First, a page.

I’ve heard many parents speak of how their children became more focused in developing their performance skills and that this focus has also helped them become more serious-minded and goal-oriented in other aspects of their lives, especially in other academic studies,” she said. “I’ve heard teachers talk about the positive attitudes and impact Christina’s school program has had on the children in her program, especially for those children that would not normally be able to participate due to the costs generally associated with such a quality program. I have seen the joy in the children’s faces when they have performed well, as they stand tall with self-confidence and pride in their accomplishments.”

Darinda Ramey-Marriner, Family Resource Center coordinator for McBrayer and Clearfield elementary schools, is one of the parents who appreciates what the string program has done for her child.

Ramey-Marriner’s daughter, Emma, started violin lessons in the 4th grade through the string program and is still with Towell in the 11th grade this year.

Ramey-Marriner said that besides the obvious benefit of developing a lifelong interest in music, her daughter has the opportunity to meet other students and play in the Tri-State Orchestra. She also mentors younger students and may eventually teach younger children. Her daughter also may be able to get a scholarship to play in a college orchestra.

“Taking violin lessons also instills responsibility and dedication to oneself and others,” Ramey-Marriner said.

Ramey-Marriner supports the program so much she even gave up some of her space in the Family Resource Center for the string program.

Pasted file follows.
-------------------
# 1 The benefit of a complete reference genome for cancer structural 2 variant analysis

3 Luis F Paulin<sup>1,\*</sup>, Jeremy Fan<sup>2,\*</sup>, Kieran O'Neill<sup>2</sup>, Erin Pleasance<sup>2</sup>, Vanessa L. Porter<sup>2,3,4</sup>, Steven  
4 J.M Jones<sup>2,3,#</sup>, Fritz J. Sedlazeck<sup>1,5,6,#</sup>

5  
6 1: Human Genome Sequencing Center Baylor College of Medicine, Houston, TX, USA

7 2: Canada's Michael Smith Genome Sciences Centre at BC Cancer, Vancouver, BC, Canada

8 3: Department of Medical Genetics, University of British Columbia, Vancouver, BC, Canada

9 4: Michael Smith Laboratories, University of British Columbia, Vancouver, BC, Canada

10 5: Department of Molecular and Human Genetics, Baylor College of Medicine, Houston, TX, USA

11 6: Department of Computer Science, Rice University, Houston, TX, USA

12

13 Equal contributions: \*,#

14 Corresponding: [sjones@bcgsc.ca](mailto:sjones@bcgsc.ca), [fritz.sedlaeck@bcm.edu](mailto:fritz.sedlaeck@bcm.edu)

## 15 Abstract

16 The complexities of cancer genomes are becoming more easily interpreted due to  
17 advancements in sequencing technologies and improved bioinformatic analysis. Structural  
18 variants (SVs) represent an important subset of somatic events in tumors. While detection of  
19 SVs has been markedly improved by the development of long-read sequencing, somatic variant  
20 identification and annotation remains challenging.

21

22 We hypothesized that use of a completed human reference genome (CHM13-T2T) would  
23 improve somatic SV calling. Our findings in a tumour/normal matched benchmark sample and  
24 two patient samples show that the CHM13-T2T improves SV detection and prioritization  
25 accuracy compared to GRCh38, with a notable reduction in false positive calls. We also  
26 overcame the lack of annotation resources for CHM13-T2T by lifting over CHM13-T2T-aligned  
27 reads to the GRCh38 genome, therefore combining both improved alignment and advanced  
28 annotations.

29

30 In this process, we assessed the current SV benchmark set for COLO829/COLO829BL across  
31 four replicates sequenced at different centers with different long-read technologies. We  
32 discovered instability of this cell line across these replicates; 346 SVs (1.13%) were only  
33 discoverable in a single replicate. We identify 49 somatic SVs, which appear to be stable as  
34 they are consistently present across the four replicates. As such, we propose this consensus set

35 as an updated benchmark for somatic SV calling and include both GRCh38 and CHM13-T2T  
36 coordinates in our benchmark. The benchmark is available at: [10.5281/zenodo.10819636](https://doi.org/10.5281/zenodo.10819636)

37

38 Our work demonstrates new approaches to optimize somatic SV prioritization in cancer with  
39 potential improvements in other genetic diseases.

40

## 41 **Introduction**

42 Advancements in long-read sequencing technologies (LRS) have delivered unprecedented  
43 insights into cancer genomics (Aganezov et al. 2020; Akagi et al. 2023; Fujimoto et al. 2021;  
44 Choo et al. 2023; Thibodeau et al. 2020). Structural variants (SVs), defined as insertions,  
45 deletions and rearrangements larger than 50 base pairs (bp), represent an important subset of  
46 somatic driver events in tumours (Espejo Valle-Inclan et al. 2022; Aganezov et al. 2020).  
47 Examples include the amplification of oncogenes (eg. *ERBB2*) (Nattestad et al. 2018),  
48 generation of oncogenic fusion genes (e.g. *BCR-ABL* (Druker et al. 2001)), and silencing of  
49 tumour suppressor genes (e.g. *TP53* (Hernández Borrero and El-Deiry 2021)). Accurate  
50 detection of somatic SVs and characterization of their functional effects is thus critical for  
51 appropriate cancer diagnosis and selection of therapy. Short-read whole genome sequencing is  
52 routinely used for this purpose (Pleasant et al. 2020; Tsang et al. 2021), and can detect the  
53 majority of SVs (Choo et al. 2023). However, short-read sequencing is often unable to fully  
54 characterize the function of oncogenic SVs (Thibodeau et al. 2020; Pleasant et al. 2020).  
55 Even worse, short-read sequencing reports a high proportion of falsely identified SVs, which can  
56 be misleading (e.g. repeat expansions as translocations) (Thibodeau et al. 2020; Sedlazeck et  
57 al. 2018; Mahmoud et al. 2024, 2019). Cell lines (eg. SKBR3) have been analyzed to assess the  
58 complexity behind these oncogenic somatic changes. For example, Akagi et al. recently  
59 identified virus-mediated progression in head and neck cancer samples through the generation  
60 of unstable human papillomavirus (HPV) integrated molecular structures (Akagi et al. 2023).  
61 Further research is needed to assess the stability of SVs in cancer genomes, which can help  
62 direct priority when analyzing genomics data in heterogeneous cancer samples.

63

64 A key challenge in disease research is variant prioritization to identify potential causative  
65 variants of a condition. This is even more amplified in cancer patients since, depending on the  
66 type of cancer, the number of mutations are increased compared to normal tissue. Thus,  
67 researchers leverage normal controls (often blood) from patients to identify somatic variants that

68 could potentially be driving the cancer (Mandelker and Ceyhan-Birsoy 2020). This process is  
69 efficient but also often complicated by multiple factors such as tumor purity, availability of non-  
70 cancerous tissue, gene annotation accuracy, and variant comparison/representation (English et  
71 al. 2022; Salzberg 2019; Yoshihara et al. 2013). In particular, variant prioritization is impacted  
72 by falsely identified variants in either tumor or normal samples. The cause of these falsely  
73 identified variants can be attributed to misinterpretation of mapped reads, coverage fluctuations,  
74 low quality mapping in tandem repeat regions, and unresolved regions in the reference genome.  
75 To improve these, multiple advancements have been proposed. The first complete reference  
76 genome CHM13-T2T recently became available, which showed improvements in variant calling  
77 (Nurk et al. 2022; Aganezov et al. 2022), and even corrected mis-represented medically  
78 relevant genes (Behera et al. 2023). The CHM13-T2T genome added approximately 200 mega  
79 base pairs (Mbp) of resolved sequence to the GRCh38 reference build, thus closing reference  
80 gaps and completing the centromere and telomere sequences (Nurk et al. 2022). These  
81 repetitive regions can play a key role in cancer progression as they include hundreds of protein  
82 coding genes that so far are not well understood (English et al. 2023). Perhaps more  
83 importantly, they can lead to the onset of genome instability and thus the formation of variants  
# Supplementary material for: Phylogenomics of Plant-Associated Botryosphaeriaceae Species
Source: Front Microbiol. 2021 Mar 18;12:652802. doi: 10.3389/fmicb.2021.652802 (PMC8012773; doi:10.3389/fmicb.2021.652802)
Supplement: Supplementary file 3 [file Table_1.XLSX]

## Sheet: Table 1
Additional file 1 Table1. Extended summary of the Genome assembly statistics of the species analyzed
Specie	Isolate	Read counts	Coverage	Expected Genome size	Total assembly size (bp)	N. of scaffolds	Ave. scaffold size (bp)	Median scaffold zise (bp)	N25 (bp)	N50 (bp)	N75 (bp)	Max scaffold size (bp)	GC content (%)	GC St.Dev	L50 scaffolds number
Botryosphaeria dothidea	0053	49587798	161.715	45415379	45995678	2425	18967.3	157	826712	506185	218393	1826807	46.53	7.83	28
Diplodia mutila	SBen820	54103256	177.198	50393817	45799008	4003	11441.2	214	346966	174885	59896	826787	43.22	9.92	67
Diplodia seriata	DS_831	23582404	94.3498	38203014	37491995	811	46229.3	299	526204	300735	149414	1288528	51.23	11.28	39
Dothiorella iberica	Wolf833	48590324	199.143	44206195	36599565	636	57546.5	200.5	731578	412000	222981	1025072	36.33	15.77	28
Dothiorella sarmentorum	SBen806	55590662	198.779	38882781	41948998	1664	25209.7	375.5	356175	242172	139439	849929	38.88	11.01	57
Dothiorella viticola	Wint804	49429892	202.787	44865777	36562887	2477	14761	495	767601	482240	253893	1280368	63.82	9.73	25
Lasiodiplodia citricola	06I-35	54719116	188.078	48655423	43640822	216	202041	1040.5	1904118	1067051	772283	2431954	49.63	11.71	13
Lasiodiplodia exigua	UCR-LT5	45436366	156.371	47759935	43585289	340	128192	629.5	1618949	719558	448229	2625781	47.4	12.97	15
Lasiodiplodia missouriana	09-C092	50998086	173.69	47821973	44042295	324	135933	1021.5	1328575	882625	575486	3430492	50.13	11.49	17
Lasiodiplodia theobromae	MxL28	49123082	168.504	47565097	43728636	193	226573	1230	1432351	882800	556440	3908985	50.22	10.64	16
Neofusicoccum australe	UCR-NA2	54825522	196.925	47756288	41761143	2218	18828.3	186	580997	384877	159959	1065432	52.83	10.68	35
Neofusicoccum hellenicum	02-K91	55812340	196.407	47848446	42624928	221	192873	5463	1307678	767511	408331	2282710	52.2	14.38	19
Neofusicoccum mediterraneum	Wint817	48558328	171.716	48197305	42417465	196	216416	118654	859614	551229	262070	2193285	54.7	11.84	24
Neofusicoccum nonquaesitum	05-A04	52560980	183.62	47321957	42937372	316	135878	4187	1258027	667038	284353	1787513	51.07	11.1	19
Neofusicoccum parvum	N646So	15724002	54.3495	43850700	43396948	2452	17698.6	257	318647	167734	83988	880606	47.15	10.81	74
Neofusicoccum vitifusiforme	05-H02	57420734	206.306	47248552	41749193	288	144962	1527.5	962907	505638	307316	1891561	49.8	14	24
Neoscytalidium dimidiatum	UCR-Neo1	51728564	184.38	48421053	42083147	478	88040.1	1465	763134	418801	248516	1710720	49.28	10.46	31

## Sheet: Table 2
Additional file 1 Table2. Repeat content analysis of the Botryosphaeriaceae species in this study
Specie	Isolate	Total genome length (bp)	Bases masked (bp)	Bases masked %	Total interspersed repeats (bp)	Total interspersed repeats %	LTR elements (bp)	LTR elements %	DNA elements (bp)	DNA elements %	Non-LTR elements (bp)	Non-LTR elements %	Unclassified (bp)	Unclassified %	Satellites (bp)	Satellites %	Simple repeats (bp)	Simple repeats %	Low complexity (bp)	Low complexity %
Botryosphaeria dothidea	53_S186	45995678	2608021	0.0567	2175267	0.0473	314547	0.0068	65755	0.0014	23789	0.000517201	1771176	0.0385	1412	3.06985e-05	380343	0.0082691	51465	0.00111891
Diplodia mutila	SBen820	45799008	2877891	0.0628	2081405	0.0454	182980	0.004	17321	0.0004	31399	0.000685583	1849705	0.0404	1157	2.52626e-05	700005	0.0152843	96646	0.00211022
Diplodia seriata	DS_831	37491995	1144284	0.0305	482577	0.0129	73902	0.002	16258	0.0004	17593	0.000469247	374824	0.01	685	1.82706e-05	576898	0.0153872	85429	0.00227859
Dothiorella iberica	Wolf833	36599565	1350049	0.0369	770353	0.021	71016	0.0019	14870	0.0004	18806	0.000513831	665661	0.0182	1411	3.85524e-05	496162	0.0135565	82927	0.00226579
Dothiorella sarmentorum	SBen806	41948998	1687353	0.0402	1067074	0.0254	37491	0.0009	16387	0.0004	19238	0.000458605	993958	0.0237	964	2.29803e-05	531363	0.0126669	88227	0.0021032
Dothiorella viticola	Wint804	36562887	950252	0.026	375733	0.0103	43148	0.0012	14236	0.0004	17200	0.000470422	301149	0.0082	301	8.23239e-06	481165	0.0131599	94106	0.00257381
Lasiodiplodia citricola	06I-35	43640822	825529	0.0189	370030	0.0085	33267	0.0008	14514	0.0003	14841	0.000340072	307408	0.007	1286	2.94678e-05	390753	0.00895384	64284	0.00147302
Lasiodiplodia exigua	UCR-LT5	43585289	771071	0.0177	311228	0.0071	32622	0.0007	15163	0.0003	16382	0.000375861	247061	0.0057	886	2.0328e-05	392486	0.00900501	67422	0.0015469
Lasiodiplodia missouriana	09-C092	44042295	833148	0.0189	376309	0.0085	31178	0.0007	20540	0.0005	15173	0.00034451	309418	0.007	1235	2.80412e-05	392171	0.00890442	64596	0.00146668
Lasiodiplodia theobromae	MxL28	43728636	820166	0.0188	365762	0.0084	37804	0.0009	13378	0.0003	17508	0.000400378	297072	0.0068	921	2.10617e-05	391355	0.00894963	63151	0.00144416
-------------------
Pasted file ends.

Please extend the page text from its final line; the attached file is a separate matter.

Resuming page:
“I have a small room in my office that I agreed to let her use. Before Christina acquired the grant from the Little Foundation to teach full time in the elementary school, she was teaching on the stage in the cafeteria. I saw her there one morning and asked her if she would like to come into my office and use my extra room. She stayed,” Ramey-Marriner said, laughing.

Rowan County is lucky to have Towell, Ramey-Marriner said.

“Christina is remarkably talented and could choose to play professionally, and sometimes does, but her passion is teaching children. Her energy knows no bounds” she said. “I am amazed, on a daily basis, how she makes music happen.”

Rowan County Superintendent Marvin Moore agreed with Ramey-Marriner, noting that learning music has a strong connection with mathematics understanding. Students also learn the discipline that comes with practice and confidence that comes from performing in public.

Other districts should use the parental resources they have in their community, Moore said.

“When you have parents, such as Mrs. Towell, who want to offer their talents to enhance a student’s education, it is important that the school and/or the district look to these parents as assets,” he said. “Make use of your assets wisely and, as in the case of the Rowan County Strings Program under the direction of Mrs. Towell, your students will bloom.”

Jerde said the grant for the string program ends in 2014, so its future is uncertain.

“So we are all anxiously seeking funding elsewhere to sustain this program and expand it to include all schools in Rowan County,” she said. “We also wish a program like this could be offered in all schools across the commonwealth, simply for the enormous impact string performance can have on improving the overall intellectual success of educational programs and for the quality of life it brings to communities.”

Towell hopes to continue the program and has found already that “with help it is possible to start and grow an arts education program in an underserved area of Eastern Kentucky even when the schools do not offer the program.”

“Children and their parents are very interested in performing and knowing more about our musical heritage,” she continued. “When the program began, I did not even imagine there would be this much demand for string education even at just one school.”

Christina Towell,, (606) 784-1204